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Climb the Wind
Pamela Sargent
HarperPrism Books, 436 pages


Art: Carl D. Galian
Climb the Wind
Pamela Sargent
Pamela Sargent was born in 1948 in Ithaca, New York. She attended the State University of New York at Binghamton. She now lives in Albany, New York.

Pamela Sargent Website
ISFDB Bibliography

Past Feature Reviews
A review by Greg L. Johnson

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Pamela Sargent spent the 80s on the wrong planet. Her novels Venus of Dreams and Venus of Shadows quietly told the story of a multi-generational effort to terraform Venus. Although well written and entertaining, the books didn't make a huge splash in the SF sea. Then, in the 90s, multi-generation epics involving the terraforming of another planet, Mars, were suddenly all the rage. If she had written them a few years later and changed the setting, Sargent might have been competing with Kim Stanley Robinson for the yearly Hugo.

Instead, she turned to history. First came Ruler of the Sky, which told Genghis Khan's story from the viewpoint of the women around him. Now we get Climb the Wind, an alternate history novel in which an American Indian named Touch-the-Clouds, inspired by hearing of Genghis Khan's achievements, seeks to unite the plains tribes and stop the expansion of the post-Civil War United States.

It is a Russian, Grigory Rubalev, exiled from Alaska and wandering the American West, who relates to Touch-the-Clouds the story of how Genghis and his horsemen came out of the Mongolian plains to conquer the empire of the East. Climb the Wind tells us how events conspire to provide Touch-the-Clouds with the same opportunity that Genghis Khan had.

This is not, however, a novel full of battles and military intrigue. This is underscored by the fact that the story is seen mainly from the viewpoint of two characters, Katia Rubalev and Lemuel Rowland, and not from that of Touch-the-Clouds. Katia and Lemuel Rowland have both lived on the plains and in the white man's world.

Lemuel was orphaned and raised by a white family. He became an aide to General Grant and friend of Ely Parker, the Seneca Indian who wrote down the terms of surrender at Appomattox. After the war, Lemuel travels back to the plains, but is unable to feel at home among either the Indians or in the cities of the East. He fears that the might of the U.S. Army will soon be turned on the plains tribes.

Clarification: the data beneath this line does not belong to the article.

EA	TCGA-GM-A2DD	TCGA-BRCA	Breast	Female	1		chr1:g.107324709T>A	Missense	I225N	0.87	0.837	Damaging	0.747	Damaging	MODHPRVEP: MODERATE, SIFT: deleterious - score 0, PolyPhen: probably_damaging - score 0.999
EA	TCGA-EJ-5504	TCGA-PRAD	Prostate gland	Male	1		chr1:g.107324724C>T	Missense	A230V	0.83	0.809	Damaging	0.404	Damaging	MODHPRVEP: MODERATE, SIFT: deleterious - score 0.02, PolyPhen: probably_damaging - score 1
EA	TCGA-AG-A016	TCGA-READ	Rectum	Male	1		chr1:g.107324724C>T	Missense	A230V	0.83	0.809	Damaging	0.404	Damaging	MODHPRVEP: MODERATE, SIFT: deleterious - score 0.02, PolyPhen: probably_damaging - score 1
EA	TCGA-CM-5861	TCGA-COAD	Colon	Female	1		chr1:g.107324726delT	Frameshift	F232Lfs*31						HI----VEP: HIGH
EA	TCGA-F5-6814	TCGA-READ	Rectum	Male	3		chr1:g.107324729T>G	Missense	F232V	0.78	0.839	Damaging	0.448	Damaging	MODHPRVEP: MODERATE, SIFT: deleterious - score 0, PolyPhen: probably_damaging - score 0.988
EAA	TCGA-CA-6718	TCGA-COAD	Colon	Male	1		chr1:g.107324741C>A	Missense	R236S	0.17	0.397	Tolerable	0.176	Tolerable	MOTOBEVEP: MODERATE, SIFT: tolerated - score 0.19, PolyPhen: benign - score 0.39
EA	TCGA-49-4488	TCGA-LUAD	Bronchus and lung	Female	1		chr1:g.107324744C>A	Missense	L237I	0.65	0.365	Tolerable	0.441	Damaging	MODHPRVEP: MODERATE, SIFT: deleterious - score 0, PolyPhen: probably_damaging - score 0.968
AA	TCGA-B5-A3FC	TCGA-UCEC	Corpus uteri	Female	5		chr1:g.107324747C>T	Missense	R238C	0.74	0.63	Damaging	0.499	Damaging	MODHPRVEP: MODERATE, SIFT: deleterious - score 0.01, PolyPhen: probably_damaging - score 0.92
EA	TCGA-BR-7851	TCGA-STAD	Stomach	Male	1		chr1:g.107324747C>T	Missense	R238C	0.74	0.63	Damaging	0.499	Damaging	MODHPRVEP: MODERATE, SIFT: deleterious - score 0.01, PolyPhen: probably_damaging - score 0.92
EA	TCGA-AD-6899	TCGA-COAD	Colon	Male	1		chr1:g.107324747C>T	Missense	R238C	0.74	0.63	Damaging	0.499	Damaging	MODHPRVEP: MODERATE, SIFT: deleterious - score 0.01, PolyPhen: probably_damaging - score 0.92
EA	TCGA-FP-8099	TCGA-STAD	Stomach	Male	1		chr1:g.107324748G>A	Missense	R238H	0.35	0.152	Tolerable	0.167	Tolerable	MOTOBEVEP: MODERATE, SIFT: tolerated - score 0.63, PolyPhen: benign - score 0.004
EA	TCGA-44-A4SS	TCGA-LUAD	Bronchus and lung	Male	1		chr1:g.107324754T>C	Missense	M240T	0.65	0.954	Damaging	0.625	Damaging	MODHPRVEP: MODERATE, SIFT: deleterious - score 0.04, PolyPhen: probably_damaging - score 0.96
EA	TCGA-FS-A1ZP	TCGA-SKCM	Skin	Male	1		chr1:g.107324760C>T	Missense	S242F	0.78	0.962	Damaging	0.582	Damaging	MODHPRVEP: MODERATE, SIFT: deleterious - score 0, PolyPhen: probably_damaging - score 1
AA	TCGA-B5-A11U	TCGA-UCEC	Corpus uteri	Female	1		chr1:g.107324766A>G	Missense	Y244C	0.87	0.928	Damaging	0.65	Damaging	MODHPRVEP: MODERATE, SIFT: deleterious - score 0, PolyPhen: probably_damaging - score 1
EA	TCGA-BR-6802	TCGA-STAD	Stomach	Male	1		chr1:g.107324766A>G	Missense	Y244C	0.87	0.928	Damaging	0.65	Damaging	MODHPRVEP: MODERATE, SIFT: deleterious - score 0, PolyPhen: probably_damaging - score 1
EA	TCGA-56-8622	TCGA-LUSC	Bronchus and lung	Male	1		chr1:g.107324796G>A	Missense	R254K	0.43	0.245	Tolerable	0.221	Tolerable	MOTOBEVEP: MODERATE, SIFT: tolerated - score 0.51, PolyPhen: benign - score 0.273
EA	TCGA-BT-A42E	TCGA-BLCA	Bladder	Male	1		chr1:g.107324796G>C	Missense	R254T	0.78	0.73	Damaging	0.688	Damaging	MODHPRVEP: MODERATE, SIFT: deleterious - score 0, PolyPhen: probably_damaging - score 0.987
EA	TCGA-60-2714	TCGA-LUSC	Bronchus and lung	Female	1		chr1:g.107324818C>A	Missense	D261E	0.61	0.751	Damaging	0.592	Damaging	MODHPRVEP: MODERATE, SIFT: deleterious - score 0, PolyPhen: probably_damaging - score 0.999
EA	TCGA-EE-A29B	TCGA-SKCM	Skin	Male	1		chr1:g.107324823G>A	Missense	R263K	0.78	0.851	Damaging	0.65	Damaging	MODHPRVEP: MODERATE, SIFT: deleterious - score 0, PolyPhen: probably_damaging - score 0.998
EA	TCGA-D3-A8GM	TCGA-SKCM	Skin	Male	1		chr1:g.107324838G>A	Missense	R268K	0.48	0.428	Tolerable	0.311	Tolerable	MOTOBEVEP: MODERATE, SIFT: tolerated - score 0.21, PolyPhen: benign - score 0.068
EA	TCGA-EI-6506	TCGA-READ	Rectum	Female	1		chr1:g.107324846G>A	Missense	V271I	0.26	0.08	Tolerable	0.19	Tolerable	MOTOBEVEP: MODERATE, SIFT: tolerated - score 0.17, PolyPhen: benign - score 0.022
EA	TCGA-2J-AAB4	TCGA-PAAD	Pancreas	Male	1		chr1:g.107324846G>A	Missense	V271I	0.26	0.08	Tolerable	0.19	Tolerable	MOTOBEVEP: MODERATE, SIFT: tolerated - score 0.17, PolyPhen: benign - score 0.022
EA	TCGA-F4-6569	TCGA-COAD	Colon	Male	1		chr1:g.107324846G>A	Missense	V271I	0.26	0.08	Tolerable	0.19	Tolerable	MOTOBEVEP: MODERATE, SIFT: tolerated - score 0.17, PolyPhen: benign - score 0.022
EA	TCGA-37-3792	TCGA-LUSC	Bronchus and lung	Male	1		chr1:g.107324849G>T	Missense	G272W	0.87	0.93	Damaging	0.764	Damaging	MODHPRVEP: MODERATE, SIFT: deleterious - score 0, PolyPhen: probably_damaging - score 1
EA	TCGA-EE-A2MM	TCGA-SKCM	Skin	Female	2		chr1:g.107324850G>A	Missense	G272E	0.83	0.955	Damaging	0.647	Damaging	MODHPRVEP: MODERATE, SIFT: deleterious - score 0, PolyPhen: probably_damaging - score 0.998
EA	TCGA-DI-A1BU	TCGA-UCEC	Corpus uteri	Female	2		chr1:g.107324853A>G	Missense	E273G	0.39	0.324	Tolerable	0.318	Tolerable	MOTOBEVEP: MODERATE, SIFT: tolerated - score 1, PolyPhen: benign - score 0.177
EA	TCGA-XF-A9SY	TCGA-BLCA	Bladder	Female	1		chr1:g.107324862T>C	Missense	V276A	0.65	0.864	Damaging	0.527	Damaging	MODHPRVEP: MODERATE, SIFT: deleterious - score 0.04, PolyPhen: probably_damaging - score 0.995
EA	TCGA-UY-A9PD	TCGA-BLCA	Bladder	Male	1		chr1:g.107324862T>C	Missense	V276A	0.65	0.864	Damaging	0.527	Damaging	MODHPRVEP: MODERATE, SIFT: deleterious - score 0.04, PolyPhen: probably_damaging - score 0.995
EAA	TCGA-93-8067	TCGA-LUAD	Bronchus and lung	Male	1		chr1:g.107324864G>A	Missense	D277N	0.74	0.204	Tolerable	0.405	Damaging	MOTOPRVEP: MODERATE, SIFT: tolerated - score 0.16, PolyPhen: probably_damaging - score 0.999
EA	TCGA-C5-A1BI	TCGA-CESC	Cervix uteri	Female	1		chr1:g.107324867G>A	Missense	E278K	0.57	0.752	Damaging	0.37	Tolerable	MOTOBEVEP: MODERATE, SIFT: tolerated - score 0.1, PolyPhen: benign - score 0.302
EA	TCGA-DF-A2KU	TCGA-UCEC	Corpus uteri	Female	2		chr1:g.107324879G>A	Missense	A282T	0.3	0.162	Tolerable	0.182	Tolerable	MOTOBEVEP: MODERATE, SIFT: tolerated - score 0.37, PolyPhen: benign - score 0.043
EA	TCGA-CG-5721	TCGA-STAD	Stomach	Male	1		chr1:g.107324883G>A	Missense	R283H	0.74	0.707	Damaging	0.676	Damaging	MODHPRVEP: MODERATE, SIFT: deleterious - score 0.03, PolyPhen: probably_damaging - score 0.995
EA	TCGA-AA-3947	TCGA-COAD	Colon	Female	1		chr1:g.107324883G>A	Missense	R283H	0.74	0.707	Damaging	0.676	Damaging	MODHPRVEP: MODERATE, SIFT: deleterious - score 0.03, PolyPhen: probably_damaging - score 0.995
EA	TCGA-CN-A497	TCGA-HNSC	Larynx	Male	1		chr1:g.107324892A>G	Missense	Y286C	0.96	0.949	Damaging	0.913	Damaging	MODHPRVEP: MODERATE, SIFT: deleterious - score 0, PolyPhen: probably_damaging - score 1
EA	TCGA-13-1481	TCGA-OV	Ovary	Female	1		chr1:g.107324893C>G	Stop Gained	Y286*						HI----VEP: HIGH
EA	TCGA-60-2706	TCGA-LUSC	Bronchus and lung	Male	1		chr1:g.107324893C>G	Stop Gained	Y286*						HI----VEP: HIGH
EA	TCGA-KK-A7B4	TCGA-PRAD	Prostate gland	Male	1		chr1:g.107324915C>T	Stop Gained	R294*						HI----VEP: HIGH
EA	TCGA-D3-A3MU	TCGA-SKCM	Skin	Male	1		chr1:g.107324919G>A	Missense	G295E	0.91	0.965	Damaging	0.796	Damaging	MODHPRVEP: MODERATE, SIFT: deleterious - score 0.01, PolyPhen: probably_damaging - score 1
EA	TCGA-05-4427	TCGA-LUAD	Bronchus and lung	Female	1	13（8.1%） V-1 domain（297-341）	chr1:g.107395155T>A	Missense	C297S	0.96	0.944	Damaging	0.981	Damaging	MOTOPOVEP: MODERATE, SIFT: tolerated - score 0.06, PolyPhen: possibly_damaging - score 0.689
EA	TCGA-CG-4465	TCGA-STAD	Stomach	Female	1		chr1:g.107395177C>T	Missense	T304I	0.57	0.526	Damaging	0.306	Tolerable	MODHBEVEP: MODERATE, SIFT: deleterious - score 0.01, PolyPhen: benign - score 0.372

Katia was one of only two survivors when the blue coat soldiers attacked her village. The visions she experiences afterwards bring her to the attention of Touch-the-Clouds, who entrusts her to the care of Grigory Rubalev. It is through Katia and Lemuel that we learn of the events that distinguish their history from ours.

Those events, including assassinations, mis-placed loyalties and mis-guided decisions, form the backdrop for the lives of the characters in Climb the Wind. Sargent tugs on the strings that so loosely held the United States together after the Civil War and we watch as it all threatens to fall apart. The narrative is convincing because it relies not on one big event, but instead relates a series of changes from our history that are small in themselves, yet in the end add up to a different world. Part of the fun is the changes in the lives of characters we know from history, including Theodore Roosevelt, Calamity Jane, and George Custer, to name three. My personal favourite is the re-location of the Edison Laboratories to Bismarck, North Dakota.

The historical background and the characters come together in the visions of alternate worlds that are experienced by several of the characters, including Katia, Sitting Bull, and Crazy Horse. These visions, much like the one granted to Mr. Tagomi in The Man in the High Castle, add an extra layer of richness and depth to the novel that bring it closer to Philip K. Dick than Harry Turtledove. It's the subtle historical changes, combined with honest characterization, that set Climb the Wind apart. Instead of any overt political statement, Sargent makes us see through the lives of the characters how things might have been different. Indeed, while the references to Genghis Khan raise one set of expectations regarding Touch-the-Clouds, by the end readers may find George Washington to be just as appropriate a comparison.

Alternate history has grown immensely in popularity over the last 10 years. Climb the Wind is an outstanding example of alternate history, one that should appeal to both history buffs and fans of a good story well told. Climb the Wind is in the right time and place to be Pamela Sargent's most successful novel yet.

Copyright © 1999 by Greg L. Johnson

Reviewer Greg L. Johnson lived the best years of his childhood on the edge of Paha Sapa, the Black Hills that play an important part in the story of Climb the Wind. His reviews also appear in the The New York Review of Science Fiction.


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